Friday, November 14, 2008

Breastfeeding During Pregnancy

I did a little bit of research today about breastfeeding during pregnancy. I'm a huge advocate of breastfeeding. My goal with each of my children has been to nurse them exclusively for the first 6 months and to continue breastfeeding at least until the baby is 12 months old. So far I've been able to achieve that, and I'm very grateful to have been able to do it.

After my second child was born I was talking with my obstetrician about how long I should wait before getting pregnant again. There are two major points I remember he made.
  • One was that there are health concerns for the mother if she has two babies (not twins) within 12 months of each other. This includes a higher risk of blood clots. He emphasized the need for the mother's body to recover after giving birth.
  • The next point my doctor made was that if I were to get pregnant I should stop breastfeeding. His argument for weaning was that nutritionally it's too hard for the mother's body to provide the needs for 3 people: herself, her nursing baby and her developing baby growing inside of her.
Now, that second point really bothered me. I could understand the nutritional need, but I didn't feel that it was necessary to stop breastfeeding at the first confirmation of pregnancy. I have thought about it a lot since then, and I feel that a woman should be able to continue breastfeeding during pregnancy, as long as she is eating well and maintaining good health, and her nursing baby and fetus are thriving.

La Leche League has some really good articles about this, and it supports my own feelings on the subject. To sum up what I read, they say that any argument against breastfeeding during pregnancy is based on conjecture and not on fact. In fact, no reliable studies have been done to support the idea that pregnant mothers should wean their nursing babies. Some things that stood out to me in the articles are:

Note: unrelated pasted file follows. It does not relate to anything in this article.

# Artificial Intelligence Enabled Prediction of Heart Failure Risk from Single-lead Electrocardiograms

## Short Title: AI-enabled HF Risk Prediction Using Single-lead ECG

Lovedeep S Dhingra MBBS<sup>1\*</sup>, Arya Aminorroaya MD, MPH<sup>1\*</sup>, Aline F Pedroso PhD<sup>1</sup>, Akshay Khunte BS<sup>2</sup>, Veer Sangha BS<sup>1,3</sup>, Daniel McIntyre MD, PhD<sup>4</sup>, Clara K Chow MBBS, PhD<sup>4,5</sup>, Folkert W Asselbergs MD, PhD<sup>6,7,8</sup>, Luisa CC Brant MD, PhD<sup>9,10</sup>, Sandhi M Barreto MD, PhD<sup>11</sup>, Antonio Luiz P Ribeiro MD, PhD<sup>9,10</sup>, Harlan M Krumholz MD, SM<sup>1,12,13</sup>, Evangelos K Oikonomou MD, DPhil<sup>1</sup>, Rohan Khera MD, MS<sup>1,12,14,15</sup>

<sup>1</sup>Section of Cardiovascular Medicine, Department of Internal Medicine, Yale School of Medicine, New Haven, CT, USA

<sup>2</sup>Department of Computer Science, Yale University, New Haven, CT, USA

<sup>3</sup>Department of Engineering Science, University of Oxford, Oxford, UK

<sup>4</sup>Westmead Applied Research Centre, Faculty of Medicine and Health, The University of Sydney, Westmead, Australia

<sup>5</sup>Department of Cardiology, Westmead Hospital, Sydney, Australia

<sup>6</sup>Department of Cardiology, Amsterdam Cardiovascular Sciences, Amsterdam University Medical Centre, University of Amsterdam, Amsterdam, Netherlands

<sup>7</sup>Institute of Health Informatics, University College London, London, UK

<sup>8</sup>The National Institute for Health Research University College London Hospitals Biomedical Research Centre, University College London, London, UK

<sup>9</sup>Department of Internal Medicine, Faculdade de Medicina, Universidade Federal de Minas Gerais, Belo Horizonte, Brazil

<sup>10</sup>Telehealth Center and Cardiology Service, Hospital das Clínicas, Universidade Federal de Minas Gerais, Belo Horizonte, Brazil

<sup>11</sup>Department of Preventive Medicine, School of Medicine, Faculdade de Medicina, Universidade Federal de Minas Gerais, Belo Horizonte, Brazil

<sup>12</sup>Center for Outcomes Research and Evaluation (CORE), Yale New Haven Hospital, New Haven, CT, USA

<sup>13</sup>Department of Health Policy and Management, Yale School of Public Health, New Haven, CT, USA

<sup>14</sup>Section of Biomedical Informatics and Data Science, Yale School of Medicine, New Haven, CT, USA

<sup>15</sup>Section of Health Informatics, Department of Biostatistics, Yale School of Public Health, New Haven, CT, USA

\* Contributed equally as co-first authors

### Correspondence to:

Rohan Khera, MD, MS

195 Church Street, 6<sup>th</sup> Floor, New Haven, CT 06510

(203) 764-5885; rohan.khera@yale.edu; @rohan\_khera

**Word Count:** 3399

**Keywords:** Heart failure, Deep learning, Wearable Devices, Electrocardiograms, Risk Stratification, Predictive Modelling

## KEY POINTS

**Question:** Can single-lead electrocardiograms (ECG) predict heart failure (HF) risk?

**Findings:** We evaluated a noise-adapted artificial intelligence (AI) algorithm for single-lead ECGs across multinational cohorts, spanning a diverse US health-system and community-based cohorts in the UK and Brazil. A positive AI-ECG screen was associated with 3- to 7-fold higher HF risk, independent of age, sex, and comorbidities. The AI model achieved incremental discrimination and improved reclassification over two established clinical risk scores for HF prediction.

• In a normal pregnancy there is no evidence that continuing to breastfeed will deprive an unborn child of necessary nutrients.
  • Breastmilk changes during pregnancy. The taste changes because the makeup of the milk changes in a similar way as it does when weaning. At around 4-5 months in pregnancy, the milk supply generally decreases. The milk may also turn to colostrum, and the milk returns within a few days after birth.
  • Each child is different and some have a stronger need to nurse than others. Some children will naturally wean themselves because of the change in the flavor or consistency of the milk, while others won't care about the milk changing and will continue to nurse throughout pregnancy regardless of the changes. It's important to consider the child's needs and reasons for breastfeeding.
  • Younger babies, particulary less than 12 months old, should be monitored closely for weight gain to ensure that they are thriving on the mother's milk during pregnancy. Older babies are more likely to wean themselves or the mother may decide it's a good time to wean if the child is already eating a good amount of solids.
  • Hormone levels change during pregnancy (surprise!), and the higher levels of progesterone help relax and smooth the muscles in the uterus so that uterine contractions from nursing are generally not a risk during pregnancy. As the progesterone levels drop and estrogen levels increase just prior to birth and after, uterine contractions will be stronger.
I could go on about this subject, but the articles themselves offer comprehensive information. If you're interested in learning more about this, check out the LLLI website, and if you'd like me to post more about it, please indicate your response below!

No comments:

Post a Comment